Scientists are known for being pretty cautious people. But sometimes, even the most careful of us need to burn some things to the ground. Immunologists have proposed a plan to burn large swaths of parkland in an attempt to wipe out disease, as The New York Times reports. They described the problem in the journal Microbiology and Molecular Biology Reviews.

Chronic wasting disease (CWD) is a gruesome infection that’s been destroying deer and elk herds across North America. Like bovine spongiform encephalopathy (BSE, better known as mad cow disease) and Creutzfeldt-Jakob disease, CWD is caused by damaged, contagious little proteins called prions. Although it's been half a century since CWD was first discovered, scientists are still scratching their heads about how it works, how it spreads, and if, like BSE, it could someday infect humans.

Paper co-author Mark Zabel, of the Prion Research Center at Colorado State University, says animals with CWD fade away slowly at first, losing weight and starting to act kind of spacey. But "they’re not hard to pick out at the end stage," he told The New York Times. "They have a vacant stare, they have a stumbling gait, their heads are drooping, their ears are down, you can see thick saliva dripping from their mouths. It’s like a true zombie disease."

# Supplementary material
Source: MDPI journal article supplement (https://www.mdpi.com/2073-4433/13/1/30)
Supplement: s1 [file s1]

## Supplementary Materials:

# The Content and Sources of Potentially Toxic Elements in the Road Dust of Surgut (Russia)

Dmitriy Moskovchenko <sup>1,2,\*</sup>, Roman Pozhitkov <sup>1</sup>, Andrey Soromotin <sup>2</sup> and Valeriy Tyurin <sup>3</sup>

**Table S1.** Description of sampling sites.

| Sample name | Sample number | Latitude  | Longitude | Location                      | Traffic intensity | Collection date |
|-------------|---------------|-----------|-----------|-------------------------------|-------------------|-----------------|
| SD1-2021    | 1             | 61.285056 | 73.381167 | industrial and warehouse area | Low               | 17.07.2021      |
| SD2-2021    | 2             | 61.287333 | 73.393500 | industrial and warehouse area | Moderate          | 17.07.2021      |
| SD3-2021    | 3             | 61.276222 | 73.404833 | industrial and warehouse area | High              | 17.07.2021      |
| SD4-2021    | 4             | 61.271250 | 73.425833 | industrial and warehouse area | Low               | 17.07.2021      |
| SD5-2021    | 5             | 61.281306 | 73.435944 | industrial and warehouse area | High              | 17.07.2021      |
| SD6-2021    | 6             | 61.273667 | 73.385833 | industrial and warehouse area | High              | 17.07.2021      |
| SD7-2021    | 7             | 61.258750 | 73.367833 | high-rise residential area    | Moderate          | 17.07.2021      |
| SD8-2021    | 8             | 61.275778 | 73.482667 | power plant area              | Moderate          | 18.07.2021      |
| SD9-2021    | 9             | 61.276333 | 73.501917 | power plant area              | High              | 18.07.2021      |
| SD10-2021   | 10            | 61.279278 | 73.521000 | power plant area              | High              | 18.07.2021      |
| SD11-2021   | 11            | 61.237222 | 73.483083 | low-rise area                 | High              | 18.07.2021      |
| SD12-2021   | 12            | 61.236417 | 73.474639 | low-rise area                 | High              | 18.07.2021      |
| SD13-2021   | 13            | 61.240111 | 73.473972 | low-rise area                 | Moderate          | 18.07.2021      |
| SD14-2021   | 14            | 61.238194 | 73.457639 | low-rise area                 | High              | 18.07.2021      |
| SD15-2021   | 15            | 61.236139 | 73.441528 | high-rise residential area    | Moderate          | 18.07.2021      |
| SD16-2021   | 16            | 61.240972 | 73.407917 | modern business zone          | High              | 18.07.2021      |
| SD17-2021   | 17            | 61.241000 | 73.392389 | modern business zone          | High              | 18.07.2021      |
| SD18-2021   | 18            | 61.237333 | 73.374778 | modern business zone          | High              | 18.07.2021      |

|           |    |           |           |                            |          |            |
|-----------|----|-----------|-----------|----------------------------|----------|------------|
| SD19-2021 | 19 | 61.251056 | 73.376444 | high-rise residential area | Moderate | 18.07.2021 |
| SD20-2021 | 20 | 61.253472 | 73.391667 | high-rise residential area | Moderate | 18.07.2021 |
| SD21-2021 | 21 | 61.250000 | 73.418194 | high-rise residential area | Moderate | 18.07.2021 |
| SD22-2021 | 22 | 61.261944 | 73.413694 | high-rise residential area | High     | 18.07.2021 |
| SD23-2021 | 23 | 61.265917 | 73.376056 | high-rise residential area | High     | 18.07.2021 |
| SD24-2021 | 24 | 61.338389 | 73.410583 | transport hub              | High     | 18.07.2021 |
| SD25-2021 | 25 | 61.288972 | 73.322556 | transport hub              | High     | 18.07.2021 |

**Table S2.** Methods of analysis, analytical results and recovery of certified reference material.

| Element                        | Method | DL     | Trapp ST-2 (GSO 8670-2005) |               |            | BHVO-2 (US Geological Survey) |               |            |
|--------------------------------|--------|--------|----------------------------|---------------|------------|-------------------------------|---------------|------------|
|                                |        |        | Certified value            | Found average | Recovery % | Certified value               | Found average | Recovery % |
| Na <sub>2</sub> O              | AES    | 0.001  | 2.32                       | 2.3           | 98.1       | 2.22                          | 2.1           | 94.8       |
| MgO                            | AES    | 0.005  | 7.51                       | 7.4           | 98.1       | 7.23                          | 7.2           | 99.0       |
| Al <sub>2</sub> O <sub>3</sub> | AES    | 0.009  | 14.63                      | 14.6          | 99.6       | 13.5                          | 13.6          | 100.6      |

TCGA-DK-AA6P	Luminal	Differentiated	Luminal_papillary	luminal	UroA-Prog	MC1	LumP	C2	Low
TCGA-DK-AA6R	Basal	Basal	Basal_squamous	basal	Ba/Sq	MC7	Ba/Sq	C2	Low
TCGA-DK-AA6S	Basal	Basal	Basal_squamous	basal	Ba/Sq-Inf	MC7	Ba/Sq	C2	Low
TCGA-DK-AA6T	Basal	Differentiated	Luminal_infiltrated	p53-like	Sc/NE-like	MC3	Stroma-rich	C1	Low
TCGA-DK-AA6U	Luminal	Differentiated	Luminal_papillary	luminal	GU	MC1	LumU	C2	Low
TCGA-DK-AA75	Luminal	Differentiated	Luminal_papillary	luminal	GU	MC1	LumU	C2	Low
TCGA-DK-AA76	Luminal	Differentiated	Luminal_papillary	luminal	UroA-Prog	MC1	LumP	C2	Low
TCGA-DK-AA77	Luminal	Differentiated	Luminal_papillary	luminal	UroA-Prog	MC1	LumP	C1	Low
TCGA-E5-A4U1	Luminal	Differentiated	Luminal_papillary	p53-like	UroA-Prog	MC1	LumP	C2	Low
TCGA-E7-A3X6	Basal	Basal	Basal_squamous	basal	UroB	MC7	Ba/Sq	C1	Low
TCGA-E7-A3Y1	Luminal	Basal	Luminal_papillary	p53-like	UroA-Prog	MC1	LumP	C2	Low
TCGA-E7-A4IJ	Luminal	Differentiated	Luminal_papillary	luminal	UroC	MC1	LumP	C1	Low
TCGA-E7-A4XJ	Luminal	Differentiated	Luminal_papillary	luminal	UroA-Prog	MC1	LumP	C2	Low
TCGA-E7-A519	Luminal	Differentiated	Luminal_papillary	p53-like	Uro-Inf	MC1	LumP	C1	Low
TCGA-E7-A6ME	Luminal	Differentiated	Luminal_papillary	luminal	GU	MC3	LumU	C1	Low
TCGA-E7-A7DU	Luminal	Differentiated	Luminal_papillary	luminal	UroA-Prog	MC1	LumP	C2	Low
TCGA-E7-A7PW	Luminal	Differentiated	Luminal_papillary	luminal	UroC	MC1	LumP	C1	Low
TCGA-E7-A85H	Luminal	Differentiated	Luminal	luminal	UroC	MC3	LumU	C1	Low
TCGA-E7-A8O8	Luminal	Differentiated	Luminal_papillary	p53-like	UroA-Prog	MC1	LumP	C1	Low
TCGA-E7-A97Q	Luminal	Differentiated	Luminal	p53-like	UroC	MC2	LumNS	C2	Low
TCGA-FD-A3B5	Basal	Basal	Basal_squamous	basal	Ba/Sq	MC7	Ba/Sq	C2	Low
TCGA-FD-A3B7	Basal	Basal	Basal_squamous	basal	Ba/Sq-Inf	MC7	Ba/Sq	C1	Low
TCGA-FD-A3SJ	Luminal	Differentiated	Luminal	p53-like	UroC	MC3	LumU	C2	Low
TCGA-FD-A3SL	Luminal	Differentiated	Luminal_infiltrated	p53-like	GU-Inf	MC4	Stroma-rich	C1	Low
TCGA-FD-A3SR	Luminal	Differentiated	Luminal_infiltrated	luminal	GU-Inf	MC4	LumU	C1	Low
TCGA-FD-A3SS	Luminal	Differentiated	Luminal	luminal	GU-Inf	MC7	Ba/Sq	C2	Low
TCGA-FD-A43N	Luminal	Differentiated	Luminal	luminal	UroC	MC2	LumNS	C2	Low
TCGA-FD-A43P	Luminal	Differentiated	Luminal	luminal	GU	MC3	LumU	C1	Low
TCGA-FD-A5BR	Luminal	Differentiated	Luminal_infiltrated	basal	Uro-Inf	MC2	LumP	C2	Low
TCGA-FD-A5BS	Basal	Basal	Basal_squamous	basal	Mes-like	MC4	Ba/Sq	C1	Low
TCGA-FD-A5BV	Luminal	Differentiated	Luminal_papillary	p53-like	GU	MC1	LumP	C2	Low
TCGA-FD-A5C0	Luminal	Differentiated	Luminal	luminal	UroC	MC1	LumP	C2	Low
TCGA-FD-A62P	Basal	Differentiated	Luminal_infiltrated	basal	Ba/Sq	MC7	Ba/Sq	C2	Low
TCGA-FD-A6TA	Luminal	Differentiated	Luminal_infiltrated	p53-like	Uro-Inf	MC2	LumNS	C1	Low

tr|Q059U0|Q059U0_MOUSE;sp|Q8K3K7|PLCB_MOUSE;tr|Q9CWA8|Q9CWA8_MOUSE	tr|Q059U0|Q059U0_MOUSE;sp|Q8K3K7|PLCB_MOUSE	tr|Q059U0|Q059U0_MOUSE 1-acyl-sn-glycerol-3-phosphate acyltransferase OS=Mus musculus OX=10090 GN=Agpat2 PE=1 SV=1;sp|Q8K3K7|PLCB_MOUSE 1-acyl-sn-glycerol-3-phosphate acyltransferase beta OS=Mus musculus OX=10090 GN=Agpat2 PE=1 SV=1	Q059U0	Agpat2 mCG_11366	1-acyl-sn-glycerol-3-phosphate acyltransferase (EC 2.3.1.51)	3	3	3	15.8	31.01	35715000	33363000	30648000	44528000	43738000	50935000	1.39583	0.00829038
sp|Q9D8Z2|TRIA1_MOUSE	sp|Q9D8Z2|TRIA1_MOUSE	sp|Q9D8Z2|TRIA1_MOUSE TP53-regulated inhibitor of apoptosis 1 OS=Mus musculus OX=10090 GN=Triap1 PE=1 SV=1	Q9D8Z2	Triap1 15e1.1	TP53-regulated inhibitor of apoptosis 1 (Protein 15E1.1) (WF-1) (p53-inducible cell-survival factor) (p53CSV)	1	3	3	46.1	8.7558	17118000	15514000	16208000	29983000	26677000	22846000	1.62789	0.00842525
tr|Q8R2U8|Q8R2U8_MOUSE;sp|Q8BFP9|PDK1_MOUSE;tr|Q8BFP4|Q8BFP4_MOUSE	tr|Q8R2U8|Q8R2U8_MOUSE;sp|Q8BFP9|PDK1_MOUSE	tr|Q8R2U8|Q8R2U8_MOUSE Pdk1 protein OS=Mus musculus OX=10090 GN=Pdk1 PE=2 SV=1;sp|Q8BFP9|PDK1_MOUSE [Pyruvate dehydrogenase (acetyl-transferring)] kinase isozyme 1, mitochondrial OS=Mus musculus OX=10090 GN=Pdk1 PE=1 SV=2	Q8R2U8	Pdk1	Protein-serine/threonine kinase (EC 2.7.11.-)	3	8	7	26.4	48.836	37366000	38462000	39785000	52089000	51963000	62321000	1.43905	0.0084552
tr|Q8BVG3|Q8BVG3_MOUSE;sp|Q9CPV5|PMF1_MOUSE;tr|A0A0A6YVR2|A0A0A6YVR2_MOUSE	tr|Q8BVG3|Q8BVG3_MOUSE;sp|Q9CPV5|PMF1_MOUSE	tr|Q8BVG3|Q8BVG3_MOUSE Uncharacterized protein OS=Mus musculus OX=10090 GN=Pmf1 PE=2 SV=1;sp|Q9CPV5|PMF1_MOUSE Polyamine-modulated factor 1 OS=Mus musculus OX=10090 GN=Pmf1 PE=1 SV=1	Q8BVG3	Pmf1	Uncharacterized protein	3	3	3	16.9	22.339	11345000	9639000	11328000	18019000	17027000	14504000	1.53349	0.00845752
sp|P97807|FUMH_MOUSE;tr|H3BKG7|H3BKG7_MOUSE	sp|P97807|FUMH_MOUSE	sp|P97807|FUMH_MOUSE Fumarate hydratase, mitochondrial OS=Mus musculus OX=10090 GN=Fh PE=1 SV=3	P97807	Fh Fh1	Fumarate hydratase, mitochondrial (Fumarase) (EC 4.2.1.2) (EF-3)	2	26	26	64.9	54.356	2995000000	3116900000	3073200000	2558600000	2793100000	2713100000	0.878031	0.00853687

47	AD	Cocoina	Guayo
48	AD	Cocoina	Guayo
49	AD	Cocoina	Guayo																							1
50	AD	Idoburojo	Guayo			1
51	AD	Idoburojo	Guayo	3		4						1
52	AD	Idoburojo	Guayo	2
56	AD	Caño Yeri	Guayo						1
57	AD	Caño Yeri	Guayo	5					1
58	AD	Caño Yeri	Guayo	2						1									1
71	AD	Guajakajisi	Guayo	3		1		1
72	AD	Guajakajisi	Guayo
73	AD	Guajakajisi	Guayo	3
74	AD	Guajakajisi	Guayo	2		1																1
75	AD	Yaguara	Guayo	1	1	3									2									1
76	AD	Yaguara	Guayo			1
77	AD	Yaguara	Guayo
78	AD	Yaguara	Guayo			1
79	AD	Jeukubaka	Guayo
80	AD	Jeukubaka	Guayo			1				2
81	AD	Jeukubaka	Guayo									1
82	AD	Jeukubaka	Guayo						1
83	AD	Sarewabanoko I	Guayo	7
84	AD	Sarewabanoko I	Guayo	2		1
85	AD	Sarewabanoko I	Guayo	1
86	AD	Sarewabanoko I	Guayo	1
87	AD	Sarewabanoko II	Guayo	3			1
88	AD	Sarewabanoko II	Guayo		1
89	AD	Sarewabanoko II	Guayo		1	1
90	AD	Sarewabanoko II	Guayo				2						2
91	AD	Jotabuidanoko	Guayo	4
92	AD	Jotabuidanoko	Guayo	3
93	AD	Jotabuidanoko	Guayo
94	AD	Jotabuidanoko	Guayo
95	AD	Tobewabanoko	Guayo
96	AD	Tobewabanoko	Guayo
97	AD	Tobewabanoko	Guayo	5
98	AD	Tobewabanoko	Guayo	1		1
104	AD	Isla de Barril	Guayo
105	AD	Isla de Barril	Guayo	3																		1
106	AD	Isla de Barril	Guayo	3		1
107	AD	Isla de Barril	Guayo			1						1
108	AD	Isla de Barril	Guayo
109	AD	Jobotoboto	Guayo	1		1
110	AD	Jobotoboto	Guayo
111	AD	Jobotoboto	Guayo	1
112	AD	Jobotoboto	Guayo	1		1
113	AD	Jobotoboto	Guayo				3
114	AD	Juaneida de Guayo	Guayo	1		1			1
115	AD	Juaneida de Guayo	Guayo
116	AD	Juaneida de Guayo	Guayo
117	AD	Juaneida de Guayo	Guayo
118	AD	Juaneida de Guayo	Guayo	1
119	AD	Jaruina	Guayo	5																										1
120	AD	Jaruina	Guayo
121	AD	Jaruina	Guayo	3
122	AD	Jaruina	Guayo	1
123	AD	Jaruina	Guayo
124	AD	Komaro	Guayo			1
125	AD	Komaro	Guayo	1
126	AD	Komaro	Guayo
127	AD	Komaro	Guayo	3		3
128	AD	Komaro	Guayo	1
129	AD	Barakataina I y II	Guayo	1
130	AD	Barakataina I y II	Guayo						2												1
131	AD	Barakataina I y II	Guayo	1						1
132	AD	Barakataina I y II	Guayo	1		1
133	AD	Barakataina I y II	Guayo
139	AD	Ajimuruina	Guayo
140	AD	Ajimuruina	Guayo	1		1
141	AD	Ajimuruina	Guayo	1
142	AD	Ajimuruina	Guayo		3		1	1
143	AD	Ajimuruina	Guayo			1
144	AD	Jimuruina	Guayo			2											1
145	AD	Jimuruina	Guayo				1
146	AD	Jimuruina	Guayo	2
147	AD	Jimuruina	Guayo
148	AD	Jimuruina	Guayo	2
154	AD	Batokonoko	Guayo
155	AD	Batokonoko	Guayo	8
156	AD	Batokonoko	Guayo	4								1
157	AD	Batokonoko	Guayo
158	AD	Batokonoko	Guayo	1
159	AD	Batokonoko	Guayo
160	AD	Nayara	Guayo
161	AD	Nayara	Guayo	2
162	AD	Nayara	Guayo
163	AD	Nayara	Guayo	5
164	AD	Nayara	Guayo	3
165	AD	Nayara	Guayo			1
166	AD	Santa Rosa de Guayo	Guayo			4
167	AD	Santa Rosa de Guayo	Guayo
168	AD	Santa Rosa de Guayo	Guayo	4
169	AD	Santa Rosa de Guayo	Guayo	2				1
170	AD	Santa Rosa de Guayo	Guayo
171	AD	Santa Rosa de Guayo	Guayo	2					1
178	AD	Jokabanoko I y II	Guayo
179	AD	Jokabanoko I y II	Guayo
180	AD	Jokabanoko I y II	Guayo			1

CWD has already been spotted in 24 U.S. states. Some herds are already 50 percent infected, and that number is only growing.

Prion illnesses often travel from one infected individual to another, but CWD’s expansion was so rapid that scientists began to suspect it had more than one way of finding new animals to attack.

Sure enough, it did. As it turns out, the CWD prion doesn’t go down with its host-animal ship. Infected animals shed the prion in their urine, feces, and drool. Long after the sick deer has died, others can still contract CWD from the leaves they eat and the grass in which they stand.

As if that’s not bad enough, CWD has another trick up its sleeve: spontaneous generation. That is, it doesn’t take much damage to twist a healthy prion into a zombifying pathogen. The illness just pops up.

There are some treatments, including immersing infected tissue in an ozone bath. But that won't help when the problem is literally smeared across the landscape. "You cannot treat half of the continental United States with ozone," Zabel said.

And so, to combat this many-pronged assault on our wildlife, Zabel and his colleagues are getting aggressive. They recommend a controlled burn of infected areas of national parks in Colorado and Arkansas—a pilot study to determine if fire will be enough.

"If you eliminate the plants that have prions on the surface, that would be a huge step forward," he said. "I really don’t think it’s that crazy."

[h/t The New York Times]